How one Ohio nonprofit is trying to give people power over their food
It’s not clear the small plot of land on the north side of Youngstown is a community garden. At least not anymore.
Weeds stretch toward the sky, where there once was rows of bright beets and tall turnips. Without dedicated growers, Jubilee Gardens has fallen into disrepair. But on a Friday evening in July, a small group of people are planting.
They’re led by local farmer Jessie Holland who stood at a table of seeds, brushing the dew off of wide green leaves, as she rattled through which fall crops the group will focus on today.
“Kale is a really nice plant to grow around here,” she said. “Our clay rich soil loves kale.”
The plentiful greens on Holland’s table aren’t accessible to many in the northeast Ohio city. The majority of Youngstown lives more than a mile away from a grocery store. And, according to food advocates in the area, that’s not the only issue to getting nutritious food: there’s transportation and cost and limited healthy options once folks get to those markets.
The Mahoning Food Access Initiative aims to get fresh, healthy food to people directly, by teaching them to grow it. It hopes its gardening lessons can give Youngstown residents more of a choice in what they consume.
“If we're telling them they need to eat their whole foods and to have access to them, we also need to include growing it,” said Sophia Buggs, Mahoning Food Access Initiative director.
Taking back control
Bob Hayes bobbed a toddler on his lap as he planted. He attended the gardening lessons because he wanted to take control of his diet – in a way he’s not usually able to.
“Youngstown is a food desert,” he said. “So you don't have a lot of access to a lot of healthy foods. So that really plays a part in a lot of the symptoms and diseases that people have going on here.”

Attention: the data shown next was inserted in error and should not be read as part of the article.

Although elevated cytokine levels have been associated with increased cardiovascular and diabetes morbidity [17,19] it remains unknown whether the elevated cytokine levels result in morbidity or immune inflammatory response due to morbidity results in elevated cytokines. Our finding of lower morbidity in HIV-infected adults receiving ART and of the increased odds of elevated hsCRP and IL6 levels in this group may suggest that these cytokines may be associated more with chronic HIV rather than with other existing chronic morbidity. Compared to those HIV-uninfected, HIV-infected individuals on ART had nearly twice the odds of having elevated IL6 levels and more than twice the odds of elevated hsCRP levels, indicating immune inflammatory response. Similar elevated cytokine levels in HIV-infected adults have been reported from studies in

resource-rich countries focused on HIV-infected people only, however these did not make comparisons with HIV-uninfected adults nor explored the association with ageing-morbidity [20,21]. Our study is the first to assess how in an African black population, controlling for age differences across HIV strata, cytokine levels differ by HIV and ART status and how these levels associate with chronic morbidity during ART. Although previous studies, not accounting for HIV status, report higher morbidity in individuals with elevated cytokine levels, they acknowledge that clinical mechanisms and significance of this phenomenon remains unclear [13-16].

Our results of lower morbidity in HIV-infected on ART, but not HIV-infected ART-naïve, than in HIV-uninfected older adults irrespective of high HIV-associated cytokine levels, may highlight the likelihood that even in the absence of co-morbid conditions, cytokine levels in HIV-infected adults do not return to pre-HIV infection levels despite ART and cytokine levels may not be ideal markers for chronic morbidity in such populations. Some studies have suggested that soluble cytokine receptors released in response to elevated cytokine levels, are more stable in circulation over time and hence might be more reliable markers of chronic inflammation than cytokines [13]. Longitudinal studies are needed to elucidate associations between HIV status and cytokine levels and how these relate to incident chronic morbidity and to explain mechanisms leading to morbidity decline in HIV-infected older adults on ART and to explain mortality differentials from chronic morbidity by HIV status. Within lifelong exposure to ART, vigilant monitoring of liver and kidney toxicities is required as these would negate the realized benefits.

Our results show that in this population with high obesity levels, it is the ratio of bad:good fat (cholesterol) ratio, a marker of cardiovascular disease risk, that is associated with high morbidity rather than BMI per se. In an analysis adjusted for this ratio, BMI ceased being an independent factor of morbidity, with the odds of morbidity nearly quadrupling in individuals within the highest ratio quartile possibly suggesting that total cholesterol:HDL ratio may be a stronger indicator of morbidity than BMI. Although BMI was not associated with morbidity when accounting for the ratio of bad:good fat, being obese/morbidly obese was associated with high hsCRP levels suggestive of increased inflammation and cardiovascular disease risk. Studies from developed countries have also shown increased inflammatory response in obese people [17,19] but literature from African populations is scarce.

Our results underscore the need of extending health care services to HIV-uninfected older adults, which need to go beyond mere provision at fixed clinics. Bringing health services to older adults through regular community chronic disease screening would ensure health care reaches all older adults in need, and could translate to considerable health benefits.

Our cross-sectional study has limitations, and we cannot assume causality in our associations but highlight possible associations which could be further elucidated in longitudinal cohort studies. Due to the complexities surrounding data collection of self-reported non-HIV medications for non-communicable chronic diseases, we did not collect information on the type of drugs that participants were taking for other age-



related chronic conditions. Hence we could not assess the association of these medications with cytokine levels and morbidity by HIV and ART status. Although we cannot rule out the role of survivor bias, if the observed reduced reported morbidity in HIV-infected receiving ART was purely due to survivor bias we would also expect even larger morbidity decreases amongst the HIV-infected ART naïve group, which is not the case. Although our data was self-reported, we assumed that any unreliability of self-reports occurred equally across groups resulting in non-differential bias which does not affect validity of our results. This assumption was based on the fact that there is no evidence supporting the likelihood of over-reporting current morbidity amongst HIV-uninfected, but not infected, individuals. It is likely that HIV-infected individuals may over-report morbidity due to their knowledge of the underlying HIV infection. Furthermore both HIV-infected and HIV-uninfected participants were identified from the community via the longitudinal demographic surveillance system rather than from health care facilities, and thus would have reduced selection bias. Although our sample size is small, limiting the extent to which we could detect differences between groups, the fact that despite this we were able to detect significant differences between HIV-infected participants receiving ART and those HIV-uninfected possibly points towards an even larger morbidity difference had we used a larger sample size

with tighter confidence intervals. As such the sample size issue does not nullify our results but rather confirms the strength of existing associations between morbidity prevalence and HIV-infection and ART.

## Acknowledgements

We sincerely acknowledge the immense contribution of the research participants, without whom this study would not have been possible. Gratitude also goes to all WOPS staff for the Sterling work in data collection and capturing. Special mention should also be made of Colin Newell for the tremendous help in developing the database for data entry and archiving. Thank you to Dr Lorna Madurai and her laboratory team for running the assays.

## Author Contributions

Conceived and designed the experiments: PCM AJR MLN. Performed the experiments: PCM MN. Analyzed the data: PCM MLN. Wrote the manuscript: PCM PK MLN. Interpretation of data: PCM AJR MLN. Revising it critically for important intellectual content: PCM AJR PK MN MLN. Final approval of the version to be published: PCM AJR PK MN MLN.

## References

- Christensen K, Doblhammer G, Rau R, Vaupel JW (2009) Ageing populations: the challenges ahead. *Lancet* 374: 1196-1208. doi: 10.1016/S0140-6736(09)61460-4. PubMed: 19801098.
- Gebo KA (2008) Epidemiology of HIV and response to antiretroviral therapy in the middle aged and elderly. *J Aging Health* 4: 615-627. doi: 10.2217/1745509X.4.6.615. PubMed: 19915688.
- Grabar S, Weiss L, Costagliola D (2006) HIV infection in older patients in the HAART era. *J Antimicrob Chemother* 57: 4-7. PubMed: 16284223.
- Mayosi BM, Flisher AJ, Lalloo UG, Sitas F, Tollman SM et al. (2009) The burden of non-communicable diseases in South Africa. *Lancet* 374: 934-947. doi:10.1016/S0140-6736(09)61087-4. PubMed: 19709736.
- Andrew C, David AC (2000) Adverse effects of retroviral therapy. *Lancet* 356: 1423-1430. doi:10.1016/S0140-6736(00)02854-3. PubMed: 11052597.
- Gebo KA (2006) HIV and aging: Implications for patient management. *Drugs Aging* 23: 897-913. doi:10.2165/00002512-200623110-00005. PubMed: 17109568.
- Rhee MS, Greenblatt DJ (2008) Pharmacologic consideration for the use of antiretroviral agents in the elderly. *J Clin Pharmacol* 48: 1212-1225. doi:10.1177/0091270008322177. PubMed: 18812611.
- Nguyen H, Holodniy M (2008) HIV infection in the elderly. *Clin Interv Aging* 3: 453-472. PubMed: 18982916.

Hayes is vegan and wants to find organic vegetables, grown sustainably, for his family. But he can’t make a farmer’s market appear in his neighborhood or force large grocery corporations to carry that kind of food. His diet – and food access in Youngstown – is largely out of his control.
Director Buggs said community members deserve more power over what goes on their plates. By growing their own food, Buggs said the community can build so-called “food sovereignty," or the right to access healthy and sustainably-grown foods.
“You have the ability, the knowledge, the wisdom and the access to do it,” she said. “Not just go to a store and get it but also go to a land and pick it or grow it.”
While the term "food desert" has become more common in recent years, the concept of food sovereignty has mostly been related to tribal communities. It’s about the right of self-determination over your food, and it can be seen in every type of community.
“Food sovereignty is giving people the power, and the opportunity to meet their food needs in a way that they choose that is best for them,” said Brandy Phipps, associate professor at Central State University, who studies food systems.
Rather than thinking of places like Youngstown as "food deserts," Phipps said a better phrase would be “food apartheid” – because the lack of access to food isn’t natural. It’s the result of decisions, she said, often made by corporations and politicians from outside of those areas.
And those decisions have an impact. People in these under-resourced areas are more likely to have diet-related diseases, like cardiovascular disease. A recent study even shows living in a food desert correlates to a shorter life expectancy.
“This is a created situation that we have the responsibility to remedy,” Phipps said.
“Food sovereignty is giving people the power, and the opportunity to meet their food needs in a way that they choose that is best for them."Brandy Phipps, Central State University associate professor
She said that remedy can look like non-profit gardening classes, like the one the Mahoning Food Access Initiative is offering. But, that’s far from its only form. It can also look like cities donating land to citizens who want to grow food, or groups bonding together to start a local fish farm.
And there’s another benefit to classes like the one Buggs is offering, beyond the food.
“To be healthy, you need more than just food available in your community, you need health literacy,” Phipps said. “When people can gather and talk about food and talk about how to make food and how to grow food, then you're increasing health and nutrition literacy.”
Planting the seed
Still, it takes time, and work – and a lot of failing – to be able to grow your own food. So far, Hayes hasn’t been discouraged. It’s the opposite: he feels empowered.
“To be able to know where everything that we’re putting on our body and in our body, we know where it’s coming from and what it is exactly,” he said.
Hayes said he plans on attending all the summer lessons and bringing his three kids to each class. At this lesson, the kids took turns scooping dirt into a pot. Their small hands patted the soil, carefully planting a seed.
Hopefully, it will grow into something they can put on their plates.